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Activists file civil rights lawsuit against ‘Muslim-free’ Oklahoma gun range

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Two U.S. activists groups filed a federal lawsuit on Wednesday against a rural Oklahoma gun range, arguing that it violated U.S. civil rights laws by posting a sign that said the business was “Muslim free” and barring a Muslim from shooting there.

The lawsuit by the Council on American-Islamic Relations Oklahoma Chapter and the American Civil Liberties Union of Oklahoma seeks to have the Save Yourself Survival and Tactical Gear store in Oktaha end what the plaintiffs said is blatant discrimination.

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The gun store and range about 120 miles (190 km) east of Oklahoma City, posted a store window sign that reads: “This privately owned business is a Muslim Free establishment.”

It has a posting on its Facebook page saying it will not allow media access or interviews.

The groups filed the lawsuit on behalf of Raja’ee Fatihah, a U.S. Army reservist and investigator for the Oklahoma Department of Human Services, after he said he was kicked out of the range for being a Muslim.

Fatihah told a news conference on Wednesday he visited the gun range to talk with the owners about their fear of the Muslim faith. The owners asked him to leave, he said.

“Shooting is something I do as a hobby, and I also practice to keep up my skills as a reservist. When I went to the range, it went normally until I told them I was Muslim,” said Fatihah.

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“The longer we talked, the less willing they were to allow me to use their facilities. Ultimately, they asked me to leave,” he said.

Save Yourself Survival and Tactical Gear store did not respond to requests to comment. It has 20 days to make a formal response to the lawsuit.

A lawyer representing the store said the case is not about religious discrimination, but instead about public safety.

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“The law does not require a gun shop or gun range owner – owners of an inherently dangerous business – to equip or train the next jihadist,” said Robert Muise with the American Freedom Law Center.

Brady Henderson, legal director for the ACLU of Oklahoma, said he hoped the lawsuit would set a nationwide precedent against businesses discriminating against any citizens based on faith.

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“The Oklahoma case isn’t just about what’s going on in our state, but the nation,” Henderson said at the news conference.

(Reporting by Heide Brandes; Writing by Jon Herskovitz; Editing by Bernard Orr)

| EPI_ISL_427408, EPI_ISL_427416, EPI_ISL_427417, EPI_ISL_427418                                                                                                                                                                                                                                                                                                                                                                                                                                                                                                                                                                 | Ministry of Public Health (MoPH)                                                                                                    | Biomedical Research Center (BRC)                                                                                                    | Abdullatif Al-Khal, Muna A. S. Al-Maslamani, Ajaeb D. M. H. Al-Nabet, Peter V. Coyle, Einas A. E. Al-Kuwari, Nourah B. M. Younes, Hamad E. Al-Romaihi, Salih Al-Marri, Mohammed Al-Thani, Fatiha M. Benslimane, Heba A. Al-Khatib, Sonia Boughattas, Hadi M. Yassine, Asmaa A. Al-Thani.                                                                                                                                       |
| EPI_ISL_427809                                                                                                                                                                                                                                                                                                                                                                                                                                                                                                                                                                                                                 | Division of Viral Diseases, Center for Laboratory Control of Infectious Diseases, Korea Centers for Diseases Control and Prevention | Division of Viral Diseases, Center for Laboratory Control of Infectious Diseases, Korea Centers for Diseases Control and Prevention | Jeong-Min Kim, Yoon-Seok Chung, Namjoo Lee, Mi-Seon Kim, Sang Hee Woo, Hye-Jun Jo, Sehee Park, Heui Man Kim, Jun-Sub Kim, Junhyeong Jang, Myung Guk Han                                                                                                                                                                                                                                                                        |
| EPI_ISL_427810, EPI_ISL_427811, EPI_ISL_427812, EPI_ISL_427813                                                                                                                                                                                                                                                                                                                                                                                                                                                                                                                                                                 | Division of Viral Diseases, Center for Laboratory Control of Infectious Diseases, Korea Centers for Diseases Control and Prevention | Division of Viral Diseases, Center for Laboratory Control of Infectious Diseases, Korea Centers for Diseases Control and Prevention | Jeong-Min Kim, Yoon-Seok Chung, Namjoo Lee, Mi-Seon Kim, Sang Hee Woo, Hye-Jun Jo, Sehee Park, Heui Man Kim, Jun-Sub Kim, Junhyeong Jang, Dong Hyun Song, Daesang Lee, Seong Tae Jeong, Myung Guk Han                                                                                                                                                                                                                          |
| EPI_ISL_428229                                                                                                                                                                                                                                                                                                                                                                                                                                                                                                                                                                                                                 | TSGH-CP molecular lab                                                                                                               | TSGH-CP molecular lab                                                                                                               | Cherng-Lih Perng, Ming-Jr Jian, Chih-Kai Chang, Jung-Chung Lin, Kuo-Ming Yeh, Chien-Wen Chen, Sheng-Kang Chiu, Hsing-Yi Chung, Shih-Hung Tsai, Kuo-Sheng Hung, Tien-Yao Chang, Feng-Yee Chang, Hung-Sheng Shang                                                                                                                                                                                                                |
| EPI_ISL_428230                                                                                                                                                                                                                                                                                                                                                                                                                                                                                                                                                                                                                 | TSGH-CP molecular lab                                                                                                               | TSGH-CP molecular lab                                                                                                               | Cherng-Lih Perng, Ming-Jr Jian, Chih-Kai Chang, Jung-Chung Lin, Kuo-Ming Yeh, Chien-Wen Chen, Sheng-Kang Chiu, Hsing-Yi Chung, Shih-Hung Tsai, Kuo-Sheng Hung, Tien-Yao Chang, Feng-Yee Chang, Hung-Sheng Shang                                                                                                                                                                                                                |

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Two impeachment articles expected against President Trump: reports

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Democrats are expected to announce on Tuesday two articles of impeachment against Donald Trump, US media reported Monday evening, after laying out their case at a hearing against a president they branded a "clear and present danger" to national security.

The articles will focus on abuse of power and obstruction of Congress, The Washington Post said, citing three official familiar with the matter.

It added that the full House of Representatives would vote on the articles next week, ahead of a trial in the Senate.

CNN said a third article on obstruction of justice was still being debated, and the network's sources cautioned that plans were still being finalized.

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Ambassador McFaul ‘shocked’ Trump invited Sergey Lavrov back to the Oval Office: ‘What are they thinking?’

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Former Ambassador to Russia Michael McFaul repeatedly said he was shocked that President Donald Trump will meet with Russian Foreign Minister Sergey Lavrov on Tuesday.

McFaul was interviewed Monday evening by Lawrence O'Donnell on MSNBC "The Last Word," where he contrasted how Trump is treating the Russian government of President Vladimir Putin to the Ukrainian government of President Volodymyr Zelensky.

"Ambassador McFaul, I want to get your reaction to the Russian foreign minister meeting tomorrow at the White House, in the Oval Office, with President Trump," O'Donnell said. "That's his second time. President Zelinsky still hasn't gotten that meeting and Donald trump apparently, apparently may be voted articles of impeachment in committee this week because of his interactions with President Zelensky."

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House Judiciary to vote on Thursday to impeach Donald Trump: report

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Democrats are moving ahead with the impeachment of President Donald Trump following another day of testimony on Monday.

"House Democrats plan to unveil at least two articles of impeachment Tuesday, charging President Donald Trump with abuse of power and obstruction of Congress, according to multiple lawmakers and aides. The Judiciary Committee plans to vote on the articles on Thursday, setting up a vote on the House floor next week to make Trump the third president in history to be impeached," Politico reported Monday evening.

"Democratic leaders plan to formally announce the articles at a press conference Tuesday morning. Judiciary Committee Democrats intend to meet ahead of the announcement and review the articles," Politico reported. "The decision to move forward with specific impeachment charges is the most significant move yet for the year-old Democratic House majority, a legacy-defining moment for Speaker Nancy Pelosi that sets up a Senate trial for Trump in early 2020."

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